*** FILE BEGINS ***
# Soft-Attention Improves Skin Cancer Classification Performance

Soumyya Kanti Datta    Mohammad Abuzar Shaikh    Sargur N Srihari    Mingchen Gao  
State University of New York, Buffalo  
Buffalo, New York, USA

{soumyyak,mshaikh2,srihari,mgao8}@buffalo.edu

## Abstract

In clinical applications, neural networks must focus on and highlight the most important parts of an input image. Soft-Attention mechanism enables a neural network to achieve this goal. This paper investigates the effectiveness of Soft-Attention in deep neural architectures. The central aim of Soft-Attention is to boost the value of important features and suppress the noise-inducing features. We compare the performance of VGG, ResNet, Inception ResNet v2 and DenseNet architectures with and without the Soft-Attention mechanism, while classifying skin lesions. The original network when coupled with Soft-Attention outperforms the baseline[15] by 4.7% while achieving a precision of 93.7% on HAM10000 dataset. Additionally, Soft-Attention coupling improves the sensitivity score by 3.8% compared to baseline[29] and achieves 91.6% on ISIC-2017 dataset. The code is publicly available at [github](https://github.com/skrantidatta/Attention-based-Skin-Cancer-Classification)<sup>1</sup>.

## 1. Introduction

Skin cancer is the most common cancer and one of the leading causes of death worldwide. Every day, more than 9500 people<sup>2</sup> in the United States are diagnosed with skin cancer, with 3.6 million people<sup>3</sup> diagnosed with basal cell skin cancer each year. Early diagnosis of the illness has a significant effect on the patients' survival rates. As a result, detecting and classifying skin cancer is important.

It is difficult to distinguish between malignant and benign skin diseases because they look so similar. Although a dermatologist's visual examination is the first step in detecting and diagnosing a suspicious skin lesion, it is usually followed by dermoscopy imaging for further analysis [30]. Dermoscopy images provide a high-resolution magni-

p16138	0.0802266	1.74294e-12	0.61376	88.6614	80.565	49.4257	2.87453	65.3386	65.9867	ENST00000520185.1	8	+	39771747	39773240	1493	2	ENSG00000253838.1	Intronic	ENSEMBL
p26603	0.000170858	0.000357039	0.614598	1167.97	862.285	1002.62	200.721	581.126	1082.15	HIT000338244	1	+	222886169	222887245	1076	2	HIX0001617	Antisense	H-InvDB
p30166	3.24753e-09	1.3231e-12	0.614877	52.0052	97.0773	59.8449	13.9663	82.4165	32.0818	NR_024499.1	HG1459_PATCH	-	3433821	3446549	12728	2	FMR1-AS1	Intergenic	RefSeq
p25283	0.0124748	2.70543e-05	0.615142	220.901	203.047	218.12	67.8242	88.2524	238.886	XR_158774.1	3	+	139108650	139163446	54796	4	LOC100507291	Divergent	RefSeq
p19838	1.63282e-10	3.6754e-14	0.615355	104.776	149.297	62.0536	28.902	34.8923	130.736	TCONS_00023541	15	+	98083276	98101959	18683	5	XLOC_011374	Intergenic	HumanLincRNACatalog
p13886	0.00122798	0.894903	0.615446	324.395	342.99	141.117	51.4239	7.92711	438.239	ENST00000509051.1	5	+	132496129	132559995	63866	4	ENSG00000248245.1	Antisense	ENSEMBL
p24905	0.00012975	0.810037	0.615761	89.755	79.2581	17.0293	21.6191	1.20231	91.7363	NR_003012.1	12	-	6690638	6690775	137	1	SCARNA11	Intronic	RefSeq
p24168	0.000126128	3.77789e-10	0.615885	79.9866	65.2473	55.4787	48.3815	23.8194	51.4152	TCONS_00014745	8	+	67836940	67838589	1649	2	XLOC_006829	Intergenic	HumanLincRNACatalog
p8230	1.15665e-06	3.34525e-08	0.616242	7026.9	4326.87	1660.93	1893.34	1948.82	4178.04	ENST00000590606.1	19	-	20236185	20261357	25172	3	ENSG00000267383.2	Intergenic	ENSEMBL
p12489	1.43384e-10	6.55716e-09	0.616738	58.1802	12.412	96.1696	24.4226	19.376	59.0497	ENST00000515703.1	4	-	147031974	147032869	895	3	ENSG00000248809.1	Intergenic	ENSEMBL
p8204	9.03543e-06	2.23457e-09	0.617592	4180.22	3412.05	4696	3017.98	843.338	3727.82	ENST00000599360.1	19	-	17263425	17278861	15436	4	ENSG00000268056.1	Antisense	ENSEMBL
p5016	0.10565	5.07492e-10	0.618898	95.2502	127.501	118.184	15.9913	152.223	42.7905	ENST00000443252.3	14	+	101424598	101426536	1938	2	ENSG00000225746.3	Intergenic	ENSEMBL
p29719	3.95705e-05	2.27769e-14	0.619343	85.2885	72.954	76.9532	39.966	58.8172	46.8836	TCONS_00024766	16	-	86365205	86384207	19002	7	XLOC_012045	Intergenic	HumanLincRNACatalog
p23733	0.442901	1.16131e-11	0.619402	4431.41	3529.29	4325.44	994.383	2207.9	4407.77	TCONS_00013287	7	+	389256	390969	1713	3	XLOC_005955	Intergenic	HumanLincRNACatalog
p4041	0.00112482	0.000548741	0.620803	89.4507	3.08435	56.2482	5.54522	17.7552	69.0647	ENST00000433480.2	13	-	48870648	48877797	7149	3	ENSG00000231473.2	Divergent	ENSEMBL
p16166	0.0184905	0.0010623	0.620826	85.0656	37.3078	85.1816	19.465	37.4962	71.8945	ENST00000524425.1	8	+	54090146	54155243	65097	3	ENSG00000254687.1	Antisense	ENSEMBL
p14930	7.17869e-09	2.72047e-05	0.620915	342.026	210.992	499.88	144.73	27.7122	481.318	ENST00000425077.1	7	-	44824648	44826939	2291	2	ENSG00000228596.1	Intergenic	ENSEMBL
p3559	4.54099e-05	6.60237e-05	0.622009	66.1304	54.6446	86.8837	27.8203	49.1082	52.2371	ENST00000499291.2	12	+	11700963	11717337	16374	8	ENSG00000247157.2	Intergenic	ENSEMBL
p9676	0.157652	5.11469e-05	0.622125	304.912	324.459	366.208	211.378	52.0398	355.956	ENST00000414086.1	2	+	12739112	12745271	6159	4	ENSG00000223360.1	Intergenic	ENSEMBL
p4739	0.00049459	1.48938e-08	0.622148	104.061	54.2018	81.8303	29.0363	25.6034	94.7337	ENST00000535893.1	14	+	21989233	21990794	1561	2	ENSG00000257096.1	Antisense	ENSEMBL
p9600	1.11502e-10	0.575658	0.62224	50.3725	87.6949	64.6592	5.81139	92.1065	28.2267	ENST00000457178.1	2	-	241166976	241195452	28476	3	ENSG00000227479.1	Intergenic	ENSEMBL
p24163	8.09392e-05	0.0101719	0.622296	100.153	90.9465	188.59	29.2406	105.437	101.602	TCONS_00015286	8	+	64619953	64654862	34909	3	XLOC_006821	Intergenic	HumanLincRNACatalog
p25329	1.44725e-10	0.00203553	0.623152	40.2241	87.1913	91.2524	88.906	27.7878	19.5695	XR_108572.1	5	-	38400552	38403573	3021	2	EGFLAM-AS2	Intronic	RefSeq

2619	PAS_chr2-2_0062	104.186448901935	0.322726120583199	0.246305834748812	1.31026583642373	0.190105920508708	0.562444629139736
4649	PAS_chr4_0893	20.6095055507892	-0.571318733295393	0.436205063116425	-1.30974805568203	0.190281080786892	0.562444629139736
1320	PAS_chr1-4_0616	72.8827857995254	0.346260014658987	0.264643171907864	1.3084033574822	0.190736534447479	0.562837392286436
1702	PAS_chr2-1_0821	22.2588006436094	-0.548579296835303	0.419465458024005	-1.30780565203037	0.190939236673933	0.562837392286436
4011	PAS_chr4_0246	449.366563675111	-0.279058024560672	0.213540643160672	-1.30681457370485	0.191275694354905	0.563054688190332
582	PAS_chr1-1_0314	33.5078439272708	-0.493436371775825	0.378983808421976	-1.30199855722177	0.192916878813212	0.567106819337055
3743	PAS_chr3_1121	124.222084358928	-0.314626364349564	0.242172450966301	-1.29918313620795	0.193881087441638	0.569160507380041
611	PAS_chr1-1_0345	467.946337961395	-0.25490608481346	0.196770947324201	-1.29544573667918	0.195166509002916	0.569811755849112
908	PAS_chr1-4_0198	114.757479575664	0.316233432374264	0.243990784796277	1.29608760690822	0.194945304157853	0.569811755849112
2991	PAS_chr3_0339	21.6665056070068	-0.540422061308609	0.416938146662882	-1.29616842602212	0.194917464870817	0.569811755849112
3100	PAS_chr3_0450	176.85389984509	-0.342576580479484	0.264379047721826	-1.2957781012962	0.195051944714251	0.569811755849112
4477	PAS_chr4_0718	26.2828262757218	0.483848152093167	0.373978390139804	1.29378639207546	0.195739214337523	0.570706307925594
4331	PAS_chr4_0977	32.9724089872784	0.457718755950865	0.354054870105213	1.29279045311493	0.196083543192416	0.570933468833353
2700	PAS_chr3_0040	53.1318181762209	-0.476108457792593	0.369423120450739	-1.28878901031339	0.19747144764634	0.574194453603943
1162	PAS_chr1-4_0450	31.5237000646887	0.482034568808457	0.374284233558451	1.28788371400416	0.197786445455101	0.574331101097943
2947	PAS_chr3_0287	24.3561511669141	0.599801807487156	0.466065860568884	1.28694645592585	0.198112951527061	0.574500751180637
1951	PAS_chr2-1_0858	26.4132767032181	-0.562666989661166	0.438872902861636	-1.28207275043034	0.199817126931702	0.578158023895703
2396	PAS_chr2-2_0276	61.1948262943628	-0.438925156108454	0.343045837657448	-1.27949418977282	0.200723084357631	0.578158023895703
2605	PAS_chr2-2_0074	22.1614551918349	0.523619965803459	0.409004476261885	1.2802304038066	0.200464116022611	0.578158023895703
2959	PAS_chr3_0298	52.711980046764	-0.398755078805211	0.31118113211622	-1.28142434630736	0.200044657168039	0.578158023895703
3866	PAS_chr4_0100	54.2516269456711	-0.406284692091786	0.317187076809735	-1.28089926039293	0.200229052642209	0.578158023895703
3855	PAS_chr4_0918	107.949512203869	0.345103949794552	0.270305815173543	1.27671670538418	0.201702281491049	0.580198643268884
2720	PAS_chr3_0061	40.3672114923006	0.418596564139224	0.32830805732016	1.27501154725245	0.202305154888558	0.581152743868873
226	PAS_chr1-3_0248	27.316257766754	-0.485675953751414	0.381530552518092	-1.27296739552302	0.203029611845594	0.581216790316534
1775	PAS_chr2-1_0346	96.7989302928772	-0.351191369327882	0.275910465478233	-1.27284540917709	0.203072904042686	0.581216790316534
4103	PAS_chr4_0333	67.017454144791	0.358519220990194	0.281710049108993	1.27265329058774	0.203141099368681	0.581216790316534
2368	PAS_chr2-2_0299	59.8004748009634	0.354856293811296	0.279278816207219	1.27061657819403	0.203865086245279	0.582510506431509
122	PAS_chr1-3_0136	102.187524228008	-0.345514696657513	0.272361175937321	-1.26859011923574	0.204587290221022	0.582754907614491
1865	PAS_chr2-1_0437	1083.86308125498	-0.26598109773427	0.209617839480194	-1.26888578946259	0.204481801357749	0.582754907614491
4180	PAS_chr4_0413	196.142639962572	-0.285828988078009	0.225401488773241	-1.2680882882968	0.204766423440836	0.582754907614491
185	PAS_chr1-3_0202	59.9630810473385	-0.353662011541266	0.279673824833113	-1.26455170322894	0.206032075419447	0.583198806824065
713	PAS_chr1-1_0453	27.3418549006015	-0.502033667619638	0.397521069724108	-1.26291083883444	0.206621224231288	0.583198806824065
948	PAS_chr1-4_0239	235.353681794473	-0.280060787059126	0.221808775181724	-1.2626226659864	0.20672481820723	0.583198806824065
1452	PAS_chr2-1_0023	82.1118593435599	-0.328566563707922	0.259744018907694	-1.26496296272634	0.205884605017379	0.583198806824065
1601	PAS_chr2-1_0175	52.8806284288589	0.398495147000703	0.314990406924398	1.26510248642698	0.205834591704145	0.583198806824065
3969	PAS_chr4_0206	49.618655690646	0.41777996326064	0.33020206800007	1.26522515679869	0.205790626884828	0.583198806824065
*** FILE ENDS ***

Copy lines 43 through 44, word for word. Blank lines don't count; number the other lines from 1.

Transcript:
2991	PAS_chr3_0339	21.6665056070068	-0.540422061308609	0.416938146662882	-1.29616842602212	0.194917464870817	0.569811755849112
3100	PAS_chr3_0450	176.85389984509	-0.342576580479484	0.264379047721826	-1.2957781012962	0.195051944714251	0.569811755849112